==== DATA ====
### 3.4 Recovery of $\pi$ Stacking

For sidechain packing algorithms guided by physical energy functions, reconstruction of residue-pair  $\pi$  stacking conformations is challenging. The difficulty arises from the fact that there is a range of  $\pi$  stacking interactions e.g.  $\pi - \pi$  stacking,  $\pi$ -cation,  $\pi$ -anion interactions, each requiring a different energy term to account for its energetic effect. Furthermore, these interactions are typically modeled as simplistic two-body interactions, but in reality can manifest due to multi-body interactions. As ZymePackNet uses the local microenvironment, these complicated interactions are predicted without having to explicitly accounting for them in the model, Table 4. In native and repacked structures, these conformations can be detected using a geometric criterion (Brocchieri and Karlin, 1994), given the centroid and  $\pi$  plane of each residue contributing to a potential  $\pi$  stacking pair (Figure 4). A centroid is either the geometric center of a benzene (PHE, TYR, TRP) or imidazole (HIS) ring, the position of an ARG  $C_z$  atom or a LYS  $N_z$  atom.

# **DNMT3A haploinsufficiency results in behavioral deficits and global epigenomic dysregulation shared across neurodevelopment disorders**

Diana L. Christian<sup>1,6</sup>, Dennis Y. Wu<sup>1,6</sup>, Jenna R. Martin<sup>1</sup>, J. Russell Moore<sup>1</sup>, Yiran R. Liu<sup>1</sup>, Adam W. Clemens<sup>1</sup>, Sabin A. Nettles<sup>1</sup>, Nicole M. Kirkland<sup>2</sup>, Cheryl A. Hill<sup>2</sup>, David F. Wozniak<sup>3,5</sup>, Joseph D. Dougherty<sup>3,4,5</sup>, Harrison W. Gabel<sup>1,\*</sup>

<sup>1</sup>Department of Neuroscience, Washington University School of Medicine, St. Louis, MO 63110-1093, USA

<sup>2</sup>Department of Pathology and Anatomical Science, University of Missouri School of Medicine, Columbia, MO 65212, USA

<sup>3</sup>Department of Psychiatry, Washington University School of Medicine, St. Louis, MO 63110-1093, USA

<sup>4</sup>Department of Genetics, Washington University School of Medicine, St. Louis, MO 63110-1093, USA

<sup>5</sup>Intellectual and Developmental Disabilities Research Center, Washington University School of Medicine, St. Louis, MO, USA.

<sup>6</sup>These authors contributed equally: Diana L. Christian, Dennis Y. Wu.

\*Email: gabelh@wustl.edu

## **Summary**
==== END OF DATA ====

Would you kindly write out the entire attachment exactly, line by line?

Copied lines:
### 3.4 Recovery of $\pi$ Stacking

For sidechain packing algorithms guided by physical energy functions, reconstruction of residue-pair  $\pi$  stacking conformations is challenging. The difficulty arises from the fact that there is a range of  $\pi$  stacking interactions e.g.  $\pi - \pi$  stacking,  $\pi$ -cation,  $\pi$ -anion interactions, each requiring a different energy term to account for its energetic effect. Furthermore, these interactions are typically modeled as simplistic two-body interactions, but in reality can manifest due to multi-body interactions. As ZymePackNet uses the local microenvironment, these complicated interactions are predicted without having to explicitly accounting for them in the model, Table 4. In native and repacked structures, these conformations can be detected using a geometric criterion (Brocchieri and Karlin, 1994), given the centroid and  $\pi$  plane of each residue contributing to a potential  $\pi$  stacking pair (Figure 4). A centroid is either the geometric center of a benzene (PHE, TYR, TRP) or imidazole (HIS) ring, the position of an ARG  $C_z$  atom or a LYS  $N_z$  atom.

# **DNMT3A haploinsufficiency results in behavioral deficits and global epigenomic dysregulation shared across neurodevelopment disorders**

Diana L. Christian<sup>1,6</sup>, Dennis Y. Wu<sup>1,6</sup>, Jenna R. Martin<sup>1</sup>, J. Russell Moore<sup>1</sup>, Yiran R. Liu<sup>1</sup>, Adam W. Clemens<sup>1</sup>, Sabin A. Nettles<sup>1</sup>, Nicole M. Kirkland<sup>2</sup>, Cheryl A. Hill<sup>2</sup>, David F. Wozniak<sup>3,5</sup>, Joseph D. Dougherty<sup>3,4,5</sup>, Harrison W. Gabel<sup>1,\*</sup>

<sup>1</sup>Department of Neuroscience, Washington University School of Medicine, St. Louis, MO 63110-1093, USA

<sup>2</sup>Department of Pathology and Anatomical Science, University of Missouri School of Medicine, Columbia, MO 65212, USA

<sup>3</sup>Department of Psychiatry, Washington University School of Medicine, St. Louis, MO 63110-1093, USA

<sup>4</sup>Department of Genetics, Washington University School of Medicine, St. Louis, MO 63110-1093, USA

<sup>5</sup>Intellectual and Developmental Disabilities Research Center, Washington University School of Medicine, St. Louis, MO, USA.

<sup>6</sup>These authors contributed equally: Diana L. Christian, Dennis Y. Wu.

\*Email: gabelh@wustl.edu

## **Summary**